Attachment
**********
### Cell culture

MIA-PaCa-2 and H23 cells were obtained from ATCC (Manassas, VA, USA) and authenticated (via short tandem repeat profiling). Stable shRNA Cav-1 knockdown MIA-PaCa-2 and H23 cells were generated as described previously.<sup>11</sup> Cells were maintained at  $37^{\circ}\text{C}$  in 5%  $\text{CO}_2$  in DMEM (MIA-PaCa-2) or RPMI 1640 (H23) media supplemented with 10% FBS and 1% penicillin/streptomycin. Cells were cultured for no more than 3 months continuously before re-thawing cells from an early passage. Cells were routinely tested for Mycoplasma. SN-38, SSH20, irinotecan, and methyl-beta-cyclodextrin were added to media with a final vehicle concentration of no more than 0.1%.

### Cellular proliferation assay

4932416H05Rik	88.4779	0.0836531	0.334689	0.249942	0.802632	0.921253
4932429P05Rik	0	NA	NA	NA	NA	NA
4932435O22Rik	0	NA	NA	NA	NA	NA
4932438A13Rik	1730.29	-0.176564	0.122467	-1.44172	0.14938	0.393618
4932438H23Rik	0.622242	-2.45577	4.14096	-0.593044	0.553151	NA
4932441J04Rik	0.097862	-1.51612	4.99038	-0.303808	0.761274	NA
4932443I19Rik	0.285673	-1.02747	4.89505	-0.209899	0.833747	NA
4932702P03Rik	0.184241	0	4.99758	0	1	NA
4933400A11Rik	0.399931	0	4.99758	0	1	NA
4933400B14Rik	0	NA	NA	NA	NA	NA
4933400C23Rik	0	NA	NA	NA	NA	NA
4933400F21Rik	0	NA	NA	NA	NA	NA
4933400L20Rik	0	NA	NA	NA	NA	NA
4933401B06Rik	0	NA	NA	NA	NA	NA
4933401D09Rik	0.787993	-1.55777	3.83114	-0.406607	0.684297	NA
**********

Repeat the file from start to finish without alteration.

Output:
### Cell culture

MIA-PaCa-2 and H23 cells were obtained from ATCC (Manassas, VA, USA) and authenticated (via short tandem repeat profiling). Stable shRNA Cav-1 knockdown MIA-PaCa-2 and H23 cells were generated as described previously.<sup>11</sup> Cells were maintained at  $37^{\circ}\text{C}$  in 5%  $\text{CO}_2$  in DMEM (MIA-PaCa-2) or RPMI 1640 (H23) media supplemented with 10% FBS and 1% penicillin/streptomycin. Cells were cultured for no more than 3 months continuously before re-thawing cells from an early passage. Cells were routinely tested for Mycoplasma. SN-38, SSH20, irinotecan, and methyl-beta-cyclodextrin were added to media with a final vehicle concentration of no more than 0.1%.

### Cellular proliferation assay

4932416H05Rik	88.4779	0.0836531	0.334689	0.249942	0.802632	0.921253
4932429P05Rik	0	NA	NA	NA	NA	NA
4932435O22Rik	0	NA	NA	NA	NA	NA
4932438A13Rik	1730.29	-0.176564	0.122467	-1.44172	0.14938	0.393618
4932438H23Rik	0.622242	-2.45577	4.14096	-0.593044	0.553151	NA
4932441J04Rik	0.097862	-1.51612	4.99038	-0.303808	0.761274	NA
4932443I19Rik	0.285673	-1.02747	4.89505	-0.209899	0.833747	NA
4932702P03Rik	0.184241	0	4.99758	0	1	NA
4933400A11Rik	0.399931	0	4.99758	0	1	NA
4933400B14Rik	0	NA	NA	NA	NA	NA
4933400C23Rik	0	NA	NA	NA	NA	NA
4933400F21Rik	0	NA	NA	NA	NA	NA
4933400L20Rik	0	NA	NA	NA	NA	NA
4933401B06Rik	0	NA	NA	NA	NA	NA
4933401D09Rik	0.787993	-1.55777	3.83114	-0.406607	0.684297	NA